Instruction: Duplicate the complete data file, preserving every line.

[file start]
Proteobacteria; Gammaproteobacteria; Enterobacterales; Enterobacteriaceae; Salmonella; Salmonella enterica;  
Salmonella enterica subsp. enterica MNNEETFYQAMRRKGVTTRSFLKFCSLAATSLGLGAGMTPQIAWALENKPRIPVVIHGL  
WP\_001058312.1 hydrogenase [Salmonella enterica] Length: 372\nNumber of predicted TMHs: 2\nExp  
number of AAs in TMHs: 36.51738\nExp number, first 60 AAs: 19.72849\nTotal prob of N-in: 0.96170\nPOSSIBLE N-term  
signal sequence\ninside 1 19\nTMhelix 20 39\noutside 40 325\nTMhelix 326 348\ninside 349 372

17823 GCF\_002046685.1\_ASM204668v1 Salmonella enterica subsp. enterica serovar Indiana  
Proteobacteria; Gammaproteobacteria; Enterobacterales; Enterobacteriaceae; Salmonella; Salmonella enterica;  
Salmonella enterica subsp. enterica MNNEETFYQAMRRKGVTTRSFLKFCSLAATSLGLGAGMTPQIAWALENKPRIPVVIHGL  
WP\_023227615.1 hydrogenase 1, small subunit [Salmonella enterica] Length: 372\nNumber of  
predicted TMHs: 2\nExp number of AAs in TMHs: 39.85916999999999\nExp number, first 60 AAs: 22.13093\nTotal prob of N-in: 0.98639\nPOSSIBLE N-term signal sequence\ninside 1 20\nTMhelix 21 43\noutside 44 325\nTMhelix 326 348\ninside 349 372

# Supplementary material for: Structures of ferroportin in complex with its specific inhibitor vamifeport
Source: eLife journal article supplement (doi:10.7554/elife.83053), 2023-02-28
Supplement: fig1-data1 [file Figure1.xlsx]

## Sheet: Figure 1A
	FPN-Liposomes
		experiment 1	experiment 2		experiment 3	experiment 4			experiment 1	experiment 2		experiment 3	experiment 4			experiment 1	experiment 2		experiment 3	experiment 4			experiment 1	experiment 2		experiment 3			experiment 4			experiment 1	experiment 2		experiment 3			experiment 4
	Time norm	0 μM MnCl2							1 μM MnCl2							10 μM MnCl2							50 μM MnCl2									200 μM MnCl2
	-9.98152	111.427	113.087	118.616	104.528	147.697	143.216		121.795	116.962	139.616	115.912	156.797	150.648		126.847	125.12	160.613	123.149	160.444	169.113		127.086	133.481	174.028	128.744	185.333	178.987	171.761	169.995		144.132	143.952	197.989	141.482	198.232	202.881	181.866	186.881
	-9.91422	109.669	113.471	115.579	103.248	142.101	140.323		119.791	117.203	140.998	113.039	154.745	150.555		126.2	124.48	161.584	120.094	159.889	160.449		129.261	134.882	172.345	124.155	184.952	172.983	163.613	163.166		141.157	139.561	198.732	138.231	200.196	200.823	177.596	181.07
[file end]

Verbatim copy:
Proteobacteria; Gammaproteobacteria; Enterobacterales; Enterobacteriaceae; Salmonella; Salmonella enterica;  
Salmonella enterica subsp. enterica MNNEETFYQAMRRKGVTTRSFLKFCSLAATSLGLGAGMTPQIAWALENKPRIPVVIHGL  
WP\_001058312.1 hydrogenase [Salmonella enterica] Length: 372\nNumber of predicted TMHs: 2\nExp  
number of AAs in TMHs: 36.51738\nExp number, first 60 AAs: 19.72849\nTotal prob of N-in: 0.96170\nPOSSIBLE N-term  
signal sequence\ninside 1 19\nTMhelix 20 39\noutside 40 325\nTMhelix 326 348\ninside 349 372

17823 GCF\_002046685.1\_ASM204668v1 Salmonella enterica subsp. enterica serovar Indiana  
Proteobacteria; Gammaproteobacteria; Enterobacterales; Enterobacteriaceae; Salmonella; Salmonella enterica;  
Salmonella enterica subsp. enterica MNNEETFYQAMRRKGVTTRSFLKFCSLAATSLGLGAGMTPQIAWALENKPRIPVVIHGL  
WP\_023227615.1 hydrogenase 1, small subunit [Salmonella enterica] Length: 372\nNumber of  
predicted TMHs: 2\nExp number of AAs in TMHs: 39.85916999999999\nExp number, first 60 AAs: 22.13093\nTotal prob of N-in: 0.98639\nPOSSIBLE N-term signal sequence\ninside 1 20\nTMhelix 21 43\noutside 44 325\nTMhelix 326 348\ninside 349 372

# Supplementary material for: Structures of ferroportin in complex with its specific inhibitor vamifeport
Source: eLife journal article supplement (doi:10.7554/elife.83053), 2023-02-28
Supplement: fig1-data1 [file Figure1.xlsx]

## Sheet: Figure 1A
	FPN-Liposomes
		experiment 1	experiment 2		experiment 3	experiment 4			experiment 1	experiment 2		experiment 3	experiment 4			experiment 1	experiment 2		experiment 3	experiment 4			experiment 1	experiment 2		experiment 3			experiment 4			experiment 1	experiment 2		experiment 3			experiment 4
	Time norm	0 μM MnCl2							1 μM MnCl2							10 μM MnCl2							50 μM MnCl2									200 μM MnCl2
	-9.98152	111.427	113.087	118.616	104.528	147.697	143.216		121.795	116.962	139.616	115.912	156.797	150.648		126.847	125.12	160.613	123.149	160.444	169.113		127.086	133.481	174.028	128.744	185.333	178.987	171.761	169.995		144.132	143.952	197.989	141.482	198.232	202.881	181.866	186.881
	-9.91422	109.669	113.471	115.579	103.248	142.101	140.323		119.791	117.203	140.998	113.039	154.745	150.555		126.2	124.48	161.584	120.094	159.889	160.449		129.261	134.882	172.345	124.155	184.952	172.983	163.613	163.166		141.157	139.561	198.732	138.231	200.196	200.823	177.596	181.07